Early in the morning of September 27th, around 2 a.m., a gunfight erupted between moving vehicles on an expressway.
Jorge Zavala, the 32-year driver of a Ford Expedition, was driving down the expressway, accompanied by a 22-year old man. A Chevrolet Tahoe pulled up alongside them, from which a gunman unloaded a volley of gunfire.
Zavala lost control of his Ford Expedition, crashed and died. The cause of death, though, was not the crash but the multiple gunshot wounds.
Just another day in Mexico? Not this time. Zavala’s killing occurred on the Texas side of the border, on the McAllen Expressway. Fatal gunshots on McAllen expressway point to Gulf Cartel, The (McAllen) Monitor, Sept. 27th, 2011)
Not only are drug cartels shooting up Mexico, they’re now north of the border. They are expanding in several states—notably Texas.
That’s the same Rick Perry who opposes a fence on the border and brags about giving benefits to illegal aliens.
Two reports have just been released that point out the gravity of the Mexican cartel infiltration.
According to the document’s Executive Summary:
“The illicit trafficking and abuse of drugs present a challenging, dynamic threat to the United States. Overall demand is rising, largely supplied by illicit drugs smuggled to U.S. markets by major transnational criminal organizations (TCOs). .. Major Mexican-based TCOs continue to solidify their dominance over the wholesale illicit drug trade as they control the movement of most of the foreign-produced drug supply across the U.S. Southwest Border.”
(Emphasis in original).
The report points out that the use of marijuana, heroin and methamphetamines appears to be on the upswing among our young people. That of course means more consumers willing to buy the Mexican cartels’ products and thus finance them. And where there’s demand, supply follows.
But who is helping these Mexican cartels market their wares north of the border? The Drug Threat Assessment says that
“The threat posed by gang involvement in drug trafficking is increasing, particularly in the Southwest Region. With gangs already the dominant retail drug suppliers in major and midsized cities, some gang members are solidifying their ties to Mexican TCOs to bolster their involvement in wholesale smuggling, internal distribution, and control of the retail trade.”
The Assessment document expects this Mexican cartel/U.S. gang cooperation to increase. It makes special mention of the Sureños Hispanic street gangs from California who have moved into other border states. Then there is the Barrio Azteca, a Texas-based prison-based gang allied with the Juarez cartel.
Note that the growth of large Mexican barrios, or neighborhoods, in Texas and other states facilitates the growth of gangs that can then make alliances with the cartels. The “sanctuary” policy in many cities makes it very difficult to deport illegal aliens mixed up in the drug trade.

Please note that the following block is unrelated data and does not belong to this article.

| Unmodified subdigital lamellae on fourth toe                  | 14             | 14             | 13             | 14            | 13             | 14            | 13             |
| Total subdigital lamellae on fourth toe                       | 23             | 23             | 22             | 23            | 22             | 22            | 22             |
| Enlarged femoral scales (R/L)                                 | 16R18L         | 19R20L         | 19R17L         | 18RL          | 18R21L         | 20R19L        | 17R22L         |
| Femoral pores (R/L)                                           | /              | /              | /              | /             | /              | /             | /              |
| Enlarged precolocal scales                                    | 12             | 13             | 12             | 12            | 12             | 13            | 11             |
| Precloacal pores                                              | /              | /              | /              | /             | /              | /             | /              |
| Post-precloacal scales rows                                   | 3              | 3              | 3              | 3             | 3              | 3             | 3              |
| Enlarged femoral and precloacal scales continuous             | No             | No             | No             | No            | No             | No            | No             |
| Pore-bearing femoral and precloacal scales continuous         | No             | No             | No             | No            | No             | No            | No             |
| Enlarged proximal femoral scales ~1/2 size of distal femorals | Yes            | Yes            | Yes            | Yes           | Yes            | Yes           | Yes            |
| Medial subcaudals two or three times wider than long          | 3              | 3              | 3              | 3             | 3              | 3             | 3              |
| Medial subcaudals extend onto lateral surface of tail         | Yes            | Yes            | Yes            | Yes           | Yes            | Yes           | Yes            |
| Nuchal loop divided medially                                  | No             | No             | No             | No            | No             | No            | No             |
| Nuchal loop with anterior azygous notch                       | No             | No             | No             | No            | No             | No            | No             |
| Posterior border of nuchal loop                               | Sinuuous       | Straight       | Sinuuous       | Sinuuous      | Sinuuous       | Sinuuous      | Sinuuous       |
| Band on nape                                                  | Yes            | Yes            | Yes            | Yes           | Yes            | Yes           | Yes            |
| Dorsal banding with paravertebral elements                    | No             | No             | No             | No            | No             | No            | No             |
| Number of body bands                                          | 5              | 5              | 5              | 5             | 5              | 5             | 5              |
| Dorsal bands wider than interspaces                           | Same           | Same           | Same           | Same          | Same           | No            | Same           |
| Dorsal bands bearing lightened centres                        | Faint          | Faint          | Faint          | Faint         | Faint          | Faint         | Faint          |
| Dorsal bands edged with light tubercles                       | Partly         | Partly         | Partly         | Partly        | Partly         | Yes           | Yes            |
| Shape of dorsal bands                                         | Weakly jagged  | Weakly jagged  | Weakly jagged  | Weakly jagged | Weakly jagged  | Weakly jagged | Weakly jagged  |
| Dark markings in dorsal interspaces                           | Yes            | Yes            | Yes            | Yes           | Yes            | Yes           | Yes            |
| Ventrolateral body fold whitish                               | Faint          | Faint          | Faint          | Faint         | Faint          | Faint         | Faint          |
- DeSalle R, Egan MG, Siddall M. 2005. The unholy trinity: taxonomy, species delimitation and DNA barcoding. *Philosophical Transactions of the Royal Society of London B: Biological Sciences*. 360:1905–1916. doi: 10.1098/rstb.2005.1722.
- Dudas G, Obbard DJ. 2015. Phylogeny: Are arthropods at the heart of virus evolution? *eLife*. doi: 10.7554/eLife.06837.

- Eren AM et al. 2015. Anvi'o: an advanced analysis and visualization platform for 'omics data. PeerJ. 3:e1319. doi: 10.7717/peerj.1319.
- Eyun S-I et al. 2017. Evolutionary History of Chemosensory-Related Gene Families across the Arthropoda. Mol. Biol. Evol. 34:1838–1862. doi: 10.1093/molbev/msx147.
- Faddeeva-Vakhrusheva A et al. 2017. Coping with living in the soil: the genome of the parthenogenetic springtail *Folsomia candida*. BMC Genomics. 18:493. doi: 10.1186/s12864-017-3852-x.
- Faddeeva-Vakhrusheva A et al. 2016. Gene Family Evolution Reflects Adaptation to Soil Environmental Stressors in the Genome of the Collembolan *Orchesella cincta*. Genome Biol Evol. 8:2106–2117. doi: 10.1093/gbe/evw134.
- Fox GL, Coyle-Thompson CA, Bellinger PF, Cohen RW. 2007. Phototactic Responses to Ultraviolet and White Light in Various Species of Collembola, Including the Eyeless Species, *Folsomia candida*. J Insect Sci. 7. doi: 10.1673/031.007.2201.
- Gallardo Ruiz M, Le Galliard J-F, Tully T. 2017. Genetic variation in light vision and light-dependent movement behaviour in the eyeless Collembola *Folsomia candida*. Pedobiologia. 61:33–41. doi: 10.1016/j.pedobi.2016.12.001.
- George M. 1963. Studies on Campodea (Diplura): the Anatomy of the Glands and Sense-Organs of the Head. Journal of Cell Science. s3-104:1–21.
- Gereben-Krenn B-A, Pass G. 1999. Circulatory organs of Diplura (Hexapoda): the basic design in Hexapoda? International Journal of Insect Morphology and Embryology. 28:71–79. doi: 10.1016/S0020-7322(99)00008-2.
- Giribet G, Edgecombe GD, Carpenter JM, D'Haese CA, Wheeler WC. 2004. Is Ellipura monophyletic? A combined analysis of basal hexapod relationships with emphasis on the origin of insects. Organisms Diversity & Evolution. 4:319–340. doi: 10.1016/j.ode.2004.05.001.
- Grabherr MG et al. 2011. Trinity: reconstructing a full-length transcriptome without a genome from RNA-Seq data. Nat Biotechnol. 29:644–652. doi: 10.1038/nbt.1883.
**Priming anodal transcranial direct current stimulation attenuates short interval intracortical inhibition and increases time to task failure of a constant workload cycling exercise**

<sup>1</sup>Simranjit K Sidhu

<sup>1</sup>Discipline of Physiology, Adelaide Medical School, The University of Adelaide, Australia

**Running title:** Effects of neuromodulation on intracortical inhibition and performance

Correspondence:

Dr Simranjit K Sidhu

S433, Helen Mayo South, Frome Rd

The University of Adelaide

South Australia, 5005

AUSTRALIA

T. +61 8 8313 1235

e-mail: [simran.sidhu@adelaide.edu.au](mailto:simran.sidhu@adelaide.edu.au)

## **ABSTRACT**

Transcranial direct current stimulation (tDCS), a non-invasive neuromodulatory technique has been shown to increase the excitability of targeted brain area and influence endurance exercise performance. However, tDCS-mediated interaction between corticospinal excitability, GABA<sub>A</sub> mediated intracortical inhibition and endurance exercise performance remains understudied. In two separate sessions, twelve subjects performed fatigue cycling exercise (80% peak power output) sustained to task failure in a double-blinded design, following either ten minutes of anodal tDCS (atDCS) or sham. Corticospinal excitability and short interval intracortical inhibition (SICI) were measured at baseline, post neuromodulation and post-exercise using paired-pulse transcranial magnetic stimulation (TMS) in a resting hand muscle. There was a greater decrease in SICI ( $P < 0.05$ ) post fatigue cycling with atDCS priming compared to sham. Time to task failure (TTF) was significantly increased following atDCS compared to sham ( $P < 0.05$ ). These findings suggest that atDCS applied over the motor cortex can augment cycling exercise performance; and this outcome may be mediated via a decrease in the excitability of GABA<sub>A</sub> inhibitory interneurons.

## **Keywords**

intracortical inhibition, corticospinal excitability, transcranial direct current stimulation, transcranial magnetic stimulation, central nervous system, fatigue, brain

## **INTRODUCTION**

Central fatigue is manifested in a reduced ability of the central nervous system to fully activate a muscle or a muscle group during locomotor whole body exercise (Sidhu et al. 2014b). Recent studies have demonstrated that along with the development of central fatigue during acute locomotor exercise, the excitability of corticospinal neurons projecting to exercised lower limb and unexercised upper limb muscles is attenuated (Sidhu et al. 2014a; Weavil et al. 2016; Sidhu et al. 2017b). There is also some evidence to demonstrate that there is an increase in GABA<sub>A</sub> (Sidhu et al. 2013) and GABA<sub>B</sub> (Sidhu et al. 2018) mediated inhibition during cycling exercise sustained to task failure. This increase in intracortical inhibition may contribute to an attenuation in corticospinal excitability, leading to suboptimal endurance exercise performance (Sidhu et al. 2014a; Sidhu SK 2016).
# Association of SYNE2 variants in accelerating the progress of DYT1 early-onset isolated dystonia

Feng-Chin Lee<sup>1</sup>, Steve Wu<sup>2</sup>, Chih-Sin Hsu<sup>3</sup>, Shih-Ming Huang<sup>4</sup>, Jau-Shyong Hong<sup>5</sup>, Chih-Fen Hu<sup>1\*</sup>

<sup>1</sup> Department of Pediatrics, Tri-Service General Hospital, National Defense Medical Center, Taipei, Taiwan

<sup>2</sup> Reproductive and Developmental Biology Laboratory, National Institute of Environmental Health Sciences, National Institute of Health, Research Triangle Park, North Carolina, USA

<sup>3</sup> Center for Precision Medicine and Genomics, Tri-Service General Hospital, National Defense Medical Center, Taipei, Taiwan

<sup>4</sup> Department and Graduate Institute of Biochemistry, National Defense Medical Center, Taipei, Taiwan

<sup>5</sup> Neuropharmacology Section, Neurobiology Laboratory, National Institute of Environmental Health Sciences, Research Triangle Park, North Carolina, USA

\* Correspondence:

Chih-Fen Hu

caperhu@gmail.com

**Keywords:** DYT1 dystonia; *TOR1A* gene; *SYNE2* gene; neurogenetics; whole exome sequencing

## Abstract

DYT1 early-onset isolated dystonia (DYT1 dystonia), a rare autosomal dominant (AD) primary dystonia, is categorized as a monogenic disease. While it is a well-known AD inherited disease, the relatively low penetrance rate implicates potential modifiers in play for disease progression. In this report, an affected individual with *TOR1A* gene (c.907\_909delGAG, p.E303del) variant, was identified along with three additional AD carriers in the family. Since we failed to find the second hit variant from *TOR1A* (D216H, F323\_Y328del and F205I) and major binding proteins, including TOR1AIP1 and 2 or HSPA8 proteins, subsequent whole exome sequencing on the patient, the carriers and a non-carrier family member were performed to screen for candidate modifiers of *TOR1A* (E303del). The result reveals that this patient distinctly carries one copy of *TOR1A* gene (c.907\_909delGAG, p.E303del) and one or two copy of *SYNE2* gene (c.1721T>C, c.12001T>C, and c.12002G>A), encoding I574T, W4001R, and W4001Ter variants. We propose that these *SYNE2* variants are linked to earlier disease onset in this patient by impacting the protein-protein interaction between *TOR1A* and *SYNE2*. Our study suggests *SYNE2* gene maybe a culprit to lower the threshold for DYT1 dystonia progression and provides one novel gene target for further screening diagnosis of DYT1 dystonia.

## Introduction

“The Southwest Border” says the report “remains the primary gateway for moving illicit drugs into the United States.”
“Smugglers under the direction of Mexican traffickers move most of the cocaine, heroin, foreign-produced marijuana, and foreign-produced methamphetamine available in this country through, between, and around land border crossings in Arizona, California, New Mexico, and Texas.”
If you have a porous border, then drug traffickers, illegal aliens, arms smugglers, terrorists, etc. are able to cross it. If you leave your border unguarded, then don’t complain about these problems.
The Drug Threat Assessment is not optimistic. It predicts that
“The threat posed by the trafficking and abuse of illicit drugs will not abate in the near term and may increase.”
That’s not encouraging.
In September, another report was been issued, specifically concerning the Texas border. It’s entitled “Texas Border Security: A Strategic Military Assessment.” (PDF).
This report was commissioned by the Texas Department of Agriculture and headed up by two retired generals: Robert H. Scales, PhD. and the famous Barry McCaffrey. McCaffrey was the commander of the 24th Infantry Division in Operation Desert Storm, later head of the United States Southern Command and after retirement Bill Clinton’s Drug Czar.
The Texas report provides more details of how the Mexican cartels are gaining power in Rick Perry’s Texas:
“During the past two years the state of Texas has become increasingly threatened by the spread of Mexican cartel organized crime. The threat reflects a change in the strategic intent of the cartels to move their operations into the United States. In effect, the cartels seek to create a ‘sanitary zone’ inside the Texas border—one county deep—that will provide sanctuary from Mexican law enforcement and, at the same time, enable the cartels to transform Texas’ border counties into narcotics transshipment points for continued transport and distribution into the continental United States.”